The variables of this algorithm include serum triglycerides (TG)(mg/dl), gamma-glutamyl-transferase (GGT)(U/L), BMI, and waist circumference (WC)(cm). FLI ranges from 0 to 100, with an FLI of less than 30 ruling out and an FLI of 60 or more ruling in fatty liver disease. This algorithm was found to have an accuracy of 84% (95% CI 0.81–0.87) in diagnosing fatty liver disease. The negative and positive likelihood ratios were measured at 0.2 and 4.3, respectively [25]. The validity and reliability of this measure are confirmed by multiple population-based investigations [1, 26, 27].

Statistical analysis

SPSS version 24 was used for data analysis. We reported quantitative variables as mean ± standard deviation (SD) and qualitative variables as frequencies. Independent samples T-test and Chi-square test were used for comparative analysis of quantitative and qualitative data. Finally, logistic regression and ordinal regression analysis were performed, and the level of significance, odds ratio (OR), and 95% CI were reported. <0.05 was considered to be statistically significant. The regression analyses were adjusted for confounding variables influencing the relationship between DII and NAFLD, including diabetes mellitus, hypertriglyceridemia, hypercholesterolemia, body mass index (BMI), energy intake, and physical activity.

Ethical approval

The study procedure was utterly consistent with the Helsinki declaration. All subjects were informed about the study procedure and their rights, and an informed consent form was obtained. The participants could leave the study as they wished. The study also was approved by the institutional review board (IR.FUMS.REC.1399.138).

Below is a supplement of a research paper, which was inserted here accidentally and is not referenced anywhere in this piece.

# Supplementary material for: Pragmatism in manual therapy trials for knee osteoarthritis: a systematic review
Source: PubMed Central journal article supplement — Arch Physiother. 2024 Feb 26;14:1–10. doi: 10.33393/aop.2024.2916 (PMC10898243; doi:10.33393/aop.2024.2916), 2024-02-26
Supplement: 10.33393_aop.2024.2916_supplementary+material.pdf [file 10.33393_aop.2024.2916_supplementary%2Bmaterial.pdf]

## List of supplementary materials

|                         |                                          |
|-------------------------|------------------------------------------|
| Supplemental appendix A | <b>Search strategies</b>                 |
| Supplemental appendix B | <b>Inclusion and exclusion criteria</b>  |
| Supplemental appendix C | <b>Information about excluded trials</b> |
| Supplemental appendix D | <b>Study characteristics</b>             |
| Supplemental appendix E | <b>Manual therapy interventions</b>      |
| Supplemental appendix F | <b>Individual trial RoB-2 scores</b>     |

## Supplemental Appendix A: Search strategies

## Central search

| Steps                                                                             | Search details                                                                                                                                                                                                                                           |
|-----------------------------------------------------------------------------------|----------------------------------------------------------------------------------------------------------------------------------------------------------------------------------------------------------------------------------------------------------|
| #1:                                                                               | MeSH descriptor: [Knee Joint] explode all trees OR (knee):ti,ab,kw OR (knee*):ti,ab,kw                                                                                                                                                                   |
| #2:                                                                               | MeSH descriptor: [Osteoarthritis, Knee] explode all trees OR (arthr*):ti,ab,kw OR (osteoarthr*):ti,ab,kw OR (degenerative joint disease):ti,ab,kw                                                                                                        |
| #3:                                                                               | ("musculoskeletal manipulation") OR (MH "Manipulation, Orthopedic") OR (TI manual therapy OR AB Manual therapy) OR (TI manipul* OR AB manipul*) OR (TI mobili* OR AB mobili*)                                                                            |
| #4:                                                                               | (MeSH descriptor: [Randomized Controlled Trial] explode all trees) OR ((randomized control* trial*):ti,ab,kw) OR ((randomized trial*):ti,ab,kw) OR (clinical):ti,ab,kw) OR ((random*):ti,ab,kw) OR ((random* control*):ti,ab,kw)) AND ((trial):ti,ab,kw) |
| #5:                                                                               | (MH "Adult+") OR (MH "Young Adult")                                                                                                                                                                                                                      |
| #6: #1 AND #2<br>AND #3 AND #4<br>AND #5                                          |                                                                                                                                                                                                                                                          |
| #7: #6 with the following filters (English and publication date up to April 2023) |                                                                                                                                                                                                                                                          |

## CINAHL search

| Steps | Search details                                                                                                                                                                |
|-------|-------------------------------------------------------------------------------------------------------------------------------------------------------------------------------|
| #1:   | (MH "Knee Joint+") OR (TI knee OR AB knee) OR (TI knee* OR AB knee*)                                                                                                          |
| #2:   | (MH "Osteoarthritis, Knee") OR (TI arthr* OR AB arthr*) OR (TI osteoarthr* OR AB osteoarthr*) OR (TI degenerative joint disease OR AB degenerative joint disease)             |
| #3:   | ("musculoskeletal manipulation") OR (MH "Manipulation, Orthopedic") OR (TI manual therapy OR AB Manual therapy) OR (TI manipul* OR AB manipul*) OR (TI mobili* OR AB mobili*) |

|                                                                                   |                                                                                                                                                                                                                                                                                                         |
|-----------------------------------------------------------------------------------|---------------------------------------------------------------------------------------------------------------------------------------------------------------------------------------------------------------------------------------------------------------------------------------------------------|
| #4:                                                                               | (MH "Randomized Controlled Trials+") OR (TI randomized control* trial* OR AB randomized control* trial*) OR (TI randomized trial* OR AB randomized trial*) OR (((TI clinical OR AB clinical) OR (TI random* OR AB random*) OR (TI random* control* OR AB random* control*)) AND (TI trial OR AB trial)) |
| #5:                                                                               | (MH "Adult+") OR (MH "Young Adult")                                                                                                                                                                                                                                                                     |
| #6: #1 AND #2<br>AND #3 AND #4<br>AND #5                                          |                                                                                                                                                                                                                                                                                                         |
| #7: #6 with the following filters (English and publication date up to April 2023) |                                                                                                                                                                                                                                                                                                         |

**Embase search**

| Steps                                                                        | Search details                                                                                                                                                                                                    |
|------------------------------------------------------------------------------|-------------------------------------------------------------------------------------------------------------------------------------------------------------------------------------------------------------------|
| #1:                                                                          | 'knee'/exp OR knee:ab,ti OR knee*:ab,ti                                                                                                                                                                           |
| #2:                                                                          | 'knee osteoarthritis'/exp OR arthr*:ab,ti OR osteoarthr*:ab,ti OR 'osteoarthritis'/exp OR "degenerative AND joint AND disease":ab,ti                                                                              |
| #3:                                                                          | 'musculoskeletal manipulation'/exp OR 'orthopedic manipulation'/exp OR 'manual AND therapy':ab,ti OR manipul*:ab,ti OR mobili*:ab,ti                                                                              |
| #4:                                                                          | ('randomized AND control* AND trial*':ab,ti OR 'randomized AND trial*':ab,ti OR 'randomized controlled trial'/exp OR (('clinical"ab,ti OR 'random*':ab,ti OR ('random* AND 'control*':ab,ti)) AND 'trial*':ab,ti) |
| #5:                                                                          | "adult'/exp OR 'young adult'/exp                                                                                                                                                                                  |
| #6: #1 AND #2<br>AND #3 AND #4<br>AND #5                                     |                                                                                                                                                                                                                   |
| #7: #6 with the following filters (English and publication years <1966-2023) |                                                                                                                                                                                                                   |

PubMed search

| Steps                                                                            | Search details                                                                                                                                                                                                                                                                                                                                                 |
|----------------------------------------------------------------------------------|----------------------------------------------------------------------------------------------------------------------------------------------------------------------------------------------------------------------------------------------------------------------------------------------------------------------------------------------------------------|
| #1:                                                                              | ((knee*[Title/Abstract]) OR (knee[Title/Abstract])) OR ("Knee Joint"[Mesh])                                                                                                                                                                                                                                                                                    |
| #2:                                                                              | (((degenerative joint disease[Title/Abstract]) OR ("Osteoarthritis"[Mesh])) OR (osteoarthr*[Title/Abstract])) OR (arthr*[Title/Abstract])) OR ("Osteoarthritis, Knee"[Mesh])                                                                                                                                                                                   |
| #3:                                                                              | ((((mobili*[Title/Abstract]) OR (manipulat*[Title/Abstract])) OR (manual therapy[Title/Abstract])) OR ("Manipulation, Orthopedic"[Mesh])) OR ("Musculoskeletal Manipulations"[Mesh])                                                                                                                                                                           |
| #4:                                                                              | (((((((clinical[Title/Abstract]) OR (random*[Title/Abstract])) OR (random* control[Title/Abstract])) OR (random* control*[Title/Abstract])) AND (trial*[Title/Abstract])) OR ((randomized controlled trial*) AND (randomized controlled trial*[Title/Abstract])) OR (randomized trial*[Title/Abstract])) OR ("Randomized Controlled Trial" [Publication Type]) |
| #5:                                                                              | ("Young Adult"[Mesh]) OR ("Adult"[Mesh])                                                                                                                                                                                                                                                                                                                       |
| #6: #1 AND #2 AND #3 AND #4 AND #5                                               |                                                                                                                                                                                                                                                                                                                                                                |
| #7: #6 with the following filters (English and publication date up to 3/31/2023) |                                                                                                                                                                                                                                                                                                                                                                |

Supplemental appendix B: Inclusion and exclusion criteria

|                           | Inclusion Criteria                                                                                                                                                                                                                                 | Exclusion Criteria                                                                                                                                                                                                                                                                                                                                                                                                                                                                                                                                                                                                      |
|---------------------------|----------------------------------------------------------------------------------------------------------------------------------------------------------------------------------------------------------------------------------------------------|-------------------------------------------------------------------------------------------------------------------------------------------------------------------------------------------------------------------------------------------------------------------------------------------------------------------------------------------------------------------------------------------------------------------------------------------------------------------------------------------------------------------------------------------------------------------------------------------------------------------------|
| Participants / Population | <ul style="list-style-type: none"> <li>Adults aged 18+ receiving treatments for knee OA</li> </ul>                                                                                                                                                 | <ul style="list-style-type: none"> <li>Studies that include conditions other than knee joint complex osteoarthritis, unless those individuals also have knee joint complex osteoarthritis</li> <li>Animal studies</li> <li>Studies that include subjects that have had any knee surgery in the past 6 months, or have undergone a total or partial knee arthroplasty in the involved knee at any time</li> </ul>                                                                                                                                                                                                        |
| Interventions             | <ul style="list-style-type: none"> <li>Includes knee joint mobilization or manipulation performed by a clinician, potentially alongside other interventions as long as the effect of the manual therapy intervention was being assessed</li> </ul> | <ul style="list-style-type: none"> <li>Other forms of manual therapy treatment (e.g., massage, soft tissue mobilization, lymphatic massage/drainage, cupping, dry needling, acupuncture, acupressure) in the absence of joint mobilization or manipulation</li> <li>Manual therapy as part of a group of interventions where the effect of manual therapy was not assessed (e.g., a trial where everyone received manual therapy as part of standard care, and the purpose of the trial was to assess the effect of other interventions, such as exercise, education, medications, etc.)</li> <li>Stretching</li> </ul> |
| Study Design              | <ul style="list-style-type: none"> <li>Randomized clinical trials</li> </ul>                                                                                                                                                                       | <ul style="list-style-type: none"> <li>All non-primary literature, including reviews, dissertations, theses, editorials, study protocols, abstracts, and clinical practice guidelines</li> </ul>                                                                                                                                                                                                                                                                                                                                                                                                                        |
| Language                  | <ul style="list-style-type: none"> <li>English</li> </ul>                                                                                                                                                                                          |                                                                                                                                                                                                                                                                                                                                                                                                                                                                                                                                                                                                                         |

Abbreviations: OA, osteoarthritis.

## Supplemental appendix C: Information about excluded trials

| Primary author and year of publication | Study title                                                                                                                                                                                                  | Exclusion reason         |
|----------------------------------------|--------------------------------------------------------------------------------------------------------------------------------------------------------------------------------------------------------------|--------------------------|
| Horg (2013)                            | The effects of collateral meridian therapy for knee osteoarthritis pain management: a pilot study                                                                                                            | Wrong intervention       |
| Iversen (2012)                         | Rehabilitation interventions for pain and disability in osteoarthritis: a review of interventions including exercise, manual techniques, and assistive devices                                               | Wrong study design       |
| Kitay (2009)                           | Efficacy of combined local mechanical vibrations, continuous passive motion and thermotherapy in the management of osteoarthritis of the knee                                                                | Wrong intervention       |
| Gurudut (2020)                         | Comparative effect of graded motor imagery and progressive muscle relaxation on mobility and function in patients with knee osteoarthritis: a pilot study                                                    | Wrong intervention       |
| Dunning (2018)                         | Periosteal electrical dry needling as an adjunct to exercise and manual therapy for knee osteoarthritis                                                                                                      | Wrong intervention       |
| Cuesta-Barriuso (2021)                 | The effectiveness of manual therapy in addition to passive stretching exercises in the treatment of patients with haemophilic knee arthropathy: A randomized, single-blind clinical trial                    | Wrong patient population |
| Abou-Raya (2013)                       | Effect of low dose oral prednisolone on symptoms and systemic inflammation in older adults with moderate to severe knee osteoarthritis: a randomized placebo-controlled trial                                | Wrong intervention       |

A total of 10,035 individuals were included in this study, of whom 212 (2.11%) were excluded due to alcohol consumption and 31 subjects (0.3%) were excluded due to missing data. Therefore, the study evaluated 9792 subjects (43.9% male). The distribution and percentages of quantitative and qualitative variables in the total population and also among genders are shown in Table 1.

Table 1 Distribution of qualitative and quantitative variables among the 9792 male and female subjects, Fasa PERSIAN cohort study, 2014–2019

As described in Table 1, the mean age of subjects was just under 49 years, the mean fatty liver index (FLI) was 40, and the mean DII was -0.30. NAFLD, defined as FLI ≥ 60, was present in 26.9% of individuals. The rate of opium consumption, smoking, hypertriglyceridemia (HT), and physical activity were significantly higher among men than women, while diabetes mellitus (DM), hypertension, hypercholesterolemia (HC), and NAFLD were more prevalent among women compared to men. Additionally, the mean DII was significantly higher in female subjects (= 0.031).